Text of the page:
Objectives. In order to comprehensively examine the risks and resources associated with racial-ethnic disparities in adverse obstetric outcomes, the Los Angeles County Department of Public Health and the University of California, Los Angeles, joined efforts to design and implement the 2007 Los Angeles Mommy and Baby (LAMB) study. This paper aims to present the conceptual frameworks underlying the study’s development, highlight the successful collaboration between a research institution and local health department, describe the distinguishing characteristics of its methodology, and discuss the study’s implications for research, programs, and policies. Methods. The LAMB study utilized a multilevel, multistage cluster design with a mixed-mode methodology for data collection. Two samples were ultimately produced: the multilevel sample (n = 4,518) and the augmented final sample (n = 6,264). Results. The LAMB study allowed us to collect multilevel data on the risks and resources associated with racial-ethnic disparities in adverse obstetric outcomes. Both samples were more likely to be Hispanic, aged 20–34 years, completed at least 12 years of schooling, and spoke English. Conclusions. The LAMB study represents the successful collaboration between an academic institution and local health department and is a theoretically based research database and surveillance system that informs effective programmatic and policy interventions to improve outcomes among LAC’s varied demographic groups.

1. Introduction

In Los Angeles County (LAC), one of the most populous and diverse counties in the country [13], there are significant geographic and racial-ethnic disparities in the prevalence of infant mortality and adverse obstetric outcomes, specifically low birth weight (LBW) and preterm birth (PTB) [3]. Historically, the LAC Department of Public Health (LACDPH) Maternal, Child and Adolescent Health (MCAH) Programs lacked surveillance data on LAC mothers. MCAH used vital records data to monitor infant health, implement programs, and plan services. The data, however, did not identify the multifaceted reasons for differences across groups or county regions. The statewide Maternal and Infant Health Assessment (MIHA) [4], California’s version of the Pregnancy Risk Assessment Monitoring Study (PRAMS) [5], also focused primarily on individual prenatal risk behaviors and did not lend itself methodologically to multilevel analyses. In addition, greater flexibility was needed to assess the complex causes of LBW and PTB in LAC.

Therefore, in 2006, a collaborative effort was formed between LACDPH and the University of California, Los Angeles (UCLA) to design and implement the 2007 Los Angeles Mommy and Baby (LAMB) study, a multilevel, cross-sectional, population-based study of mothers who had a live birth in LAC in 2007. This study was developed as an important first step to expand the public health core function of assessment to include not only vital statistics, but multilevel, life-course determinants of LBW and PTB as well. The distinguishing feature of the LAMB study was that, unlike previous studies, it allowed for routine surveillance and multilevel analyses of the contextual determinants of LBW and PTB, which have been recognized in the literature as the underlying causes of these outcomes. The aims of the 2007 LAMB study included (1) an expanded assessment of racial-ethnic disparities in LBW and PTB; (2) innovative sampling methods, survey questions, and analytic techniques that allow for multilevel analyses; and (3) an academic-public health partnership that built on previously identified study questions and hypotheses driven by our collaborative work in community-based participatory research.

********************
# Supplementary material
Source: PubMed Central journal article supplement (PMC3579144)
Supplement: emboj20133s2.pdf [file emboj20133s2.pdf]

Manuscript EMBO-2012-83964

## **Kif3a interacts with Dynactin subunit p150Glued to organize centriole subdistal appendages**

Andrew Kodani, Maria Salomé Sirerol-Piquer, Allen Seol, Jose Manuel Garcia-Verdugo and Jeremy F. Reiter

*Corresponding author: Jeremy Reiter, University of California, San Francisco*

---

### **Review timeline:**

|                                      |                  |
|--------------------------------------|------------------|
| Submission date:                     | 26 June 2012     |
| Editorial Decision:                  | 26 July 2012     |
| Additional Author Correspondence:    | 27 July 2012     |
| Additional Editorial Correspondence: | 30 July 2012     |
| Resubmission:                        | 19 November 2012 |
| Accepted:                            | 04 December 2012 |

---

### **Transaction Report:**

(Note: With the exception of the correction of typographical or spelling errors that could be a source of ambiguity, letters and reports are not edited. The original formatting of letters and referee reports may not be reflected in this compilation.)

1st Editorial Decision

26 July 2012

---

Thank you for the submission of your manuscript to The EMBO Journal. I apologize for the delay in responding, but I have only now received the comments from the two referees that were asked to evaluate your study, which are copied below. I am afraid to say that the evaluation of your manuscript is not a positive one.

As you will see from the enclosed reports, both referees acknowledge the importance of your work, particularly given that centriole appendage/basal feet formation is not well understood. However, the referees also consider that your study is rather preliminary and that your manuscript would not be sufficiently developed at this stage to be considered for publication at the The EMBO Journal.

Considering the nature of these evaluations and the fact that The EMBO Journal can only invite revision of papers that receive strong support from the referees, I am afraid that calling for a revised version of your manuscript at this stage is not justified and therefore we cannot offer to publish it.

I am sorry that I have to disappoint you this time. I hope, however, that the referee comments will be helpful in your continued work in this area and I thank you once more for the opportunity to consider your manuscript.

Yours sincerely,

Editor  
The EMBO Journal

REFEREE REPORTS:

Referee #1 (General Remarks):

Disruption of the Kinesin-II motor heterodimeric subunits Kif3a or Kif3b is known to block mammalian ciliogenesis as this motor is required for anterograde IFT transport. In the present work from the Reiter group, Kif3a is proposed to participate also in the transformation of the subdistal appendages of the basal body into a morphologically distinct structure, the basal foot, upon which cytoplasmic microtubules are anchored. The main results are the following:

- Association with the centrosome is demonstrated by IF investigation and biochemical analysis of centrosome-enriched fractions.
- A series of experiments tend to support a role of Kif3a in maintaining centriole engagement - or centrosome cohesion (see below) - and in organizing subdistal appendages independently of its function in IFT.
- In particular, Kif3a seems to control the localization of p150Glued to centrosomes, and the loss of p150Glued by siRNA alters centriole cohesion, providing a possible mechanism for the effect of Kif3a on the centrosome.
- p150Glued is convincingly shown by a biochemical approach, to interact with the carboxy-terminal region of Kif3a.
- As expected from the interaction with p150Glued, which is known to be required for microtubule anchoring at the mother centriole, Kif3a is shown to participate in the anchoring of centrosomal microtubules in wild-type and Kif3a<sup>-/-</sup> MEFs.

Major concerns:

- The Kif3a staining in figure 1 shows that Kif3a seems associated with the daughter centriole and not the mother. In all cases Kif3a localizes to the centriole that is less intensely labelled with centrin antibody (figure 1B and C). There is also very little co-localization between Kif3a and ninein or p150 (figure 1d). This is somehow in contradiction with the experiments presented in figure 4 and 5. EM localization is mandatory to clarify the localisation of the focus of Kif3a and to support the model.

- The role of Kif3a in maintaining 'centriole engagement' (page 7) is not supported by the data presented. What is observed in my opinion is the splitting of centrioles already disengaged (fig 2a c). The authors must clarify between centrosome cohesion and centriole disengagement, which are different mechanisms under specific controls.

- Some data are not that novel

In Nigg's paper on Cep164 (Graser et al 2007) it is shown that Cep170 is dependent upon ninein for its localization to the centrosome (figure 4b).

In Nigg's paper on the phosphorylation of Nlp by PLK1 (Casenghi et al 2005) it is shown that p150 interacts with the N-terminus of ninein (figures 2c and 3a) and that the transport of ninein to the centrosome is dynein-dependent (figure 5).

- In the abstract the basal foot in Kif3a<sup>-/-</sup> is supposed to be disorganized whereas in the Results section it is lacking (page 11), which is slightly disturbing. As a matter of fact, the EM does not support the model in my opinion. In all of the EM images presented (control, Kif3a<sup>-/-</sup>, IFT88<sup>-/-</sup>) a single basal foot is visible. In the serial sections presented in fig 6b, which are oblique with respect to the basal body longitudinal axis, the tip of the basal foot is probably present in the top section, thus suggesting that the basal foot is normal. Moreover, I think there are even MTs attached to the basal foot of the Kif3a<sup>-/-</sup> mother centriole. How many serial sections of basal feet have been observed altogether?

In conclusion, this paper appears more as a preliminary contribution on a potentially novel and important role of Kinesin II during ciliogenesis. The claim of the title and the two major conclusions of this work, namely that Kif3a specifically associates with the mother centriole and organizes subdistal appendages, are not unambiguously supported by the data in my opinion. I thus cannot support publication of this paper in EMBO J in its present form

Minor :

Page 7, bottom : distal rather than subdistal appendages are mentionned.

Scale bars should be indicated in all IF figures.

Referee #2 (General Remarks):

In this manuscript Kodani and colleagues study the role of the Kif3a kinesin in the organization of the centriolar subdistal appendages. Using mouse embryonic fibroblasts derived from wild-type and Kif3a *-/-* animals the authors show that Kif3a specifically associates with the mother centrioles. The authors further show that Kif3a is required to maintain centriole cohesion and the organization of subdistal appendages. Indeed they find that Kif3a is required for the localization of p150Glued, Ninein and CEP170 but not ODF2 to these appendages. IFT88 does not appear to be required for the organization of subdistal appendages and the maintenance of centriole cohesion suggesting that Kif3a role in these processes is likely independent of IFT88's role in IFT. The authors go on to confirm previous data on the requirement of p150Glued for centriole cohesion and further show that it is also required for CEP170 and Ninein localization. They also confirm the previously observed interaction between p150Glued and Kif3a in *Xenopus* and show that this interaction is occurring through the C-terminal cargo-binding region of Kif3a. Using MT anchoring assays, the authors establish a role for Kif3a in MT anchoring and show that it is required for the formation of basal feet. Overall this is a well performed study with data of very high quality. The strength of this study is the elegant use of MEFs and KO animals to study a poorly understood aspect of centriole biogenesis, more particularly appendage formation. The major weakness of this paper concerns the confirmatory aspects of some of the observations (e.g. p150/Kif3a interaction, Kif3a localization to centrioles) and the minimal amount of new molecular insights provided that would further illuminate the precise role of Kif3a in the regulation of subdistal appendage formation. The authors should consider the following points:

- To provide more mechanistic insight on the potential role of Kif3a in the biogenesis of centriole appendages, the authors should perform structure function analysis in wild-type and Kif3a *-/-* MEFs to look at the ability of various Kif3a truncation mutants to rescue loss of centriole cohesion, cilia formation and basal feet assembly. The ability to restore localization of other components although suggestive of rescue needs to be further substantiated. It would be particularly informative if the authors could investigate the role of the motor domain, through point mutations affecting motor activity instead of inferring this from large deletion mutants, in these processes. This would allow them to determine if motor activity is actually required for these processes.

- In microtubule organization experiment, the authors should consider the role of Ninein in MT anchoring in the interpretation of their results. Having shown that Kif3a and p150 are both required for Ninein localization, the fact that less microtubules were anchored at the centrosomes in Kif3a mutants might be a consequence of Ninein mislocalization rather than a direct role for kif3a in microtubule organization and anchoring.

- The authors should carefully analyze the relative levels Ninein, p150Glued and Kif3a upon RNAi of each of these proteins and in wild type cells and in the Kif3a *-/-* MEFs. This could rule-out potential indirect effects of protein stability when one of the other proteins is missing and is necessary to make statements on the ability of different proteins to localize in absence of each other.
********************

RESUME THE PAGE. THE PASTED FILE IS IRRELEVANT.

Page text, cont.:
LBW and PTB are the leading causes of racial-ethnic disparities in perinatal mortality and morbidity in the United States and in LAC. Causes for the persisting disparities in LBW and PTB remain largely unexplained. Most extant studies, such as PRAMS, focus on individual biomedical and behavioral risk factors [69], which do not adequately account for racial-ethnic gaps in adverse obstetric outcomes [911]. In recent years, a small but growing number of studies have begun to examine obstetric outcomes and other maternal and child health (MCH) outcomes in terms of social determinants of health, including family support and violence [1214], neighborhood characteristics such as poverty [1517], housing [15], unemployment [17], safety [18], social capital [19], institutional environments such as working conditions [20], healthcare practices [21], cultural norms and acculturation [2224], and racism manifested as interpersonal discrimination [2528] or residential segregation [29, 30]. These social factors may contribute to racial-ethnic disparities in obstetric outcomes that are above and beyond individual differences. Thus, researchers have been calling for more contextual and longitudinal integration in perinatal health research and interventions [31, 32]. Therefore, this paper presents the integrated conceptual framework based on the life-course and ecological theories underlying the 2007 LAMB study, highlights the unique characteristics of its sample and methodology, and discusses the implications of this study for research, programs, and policies.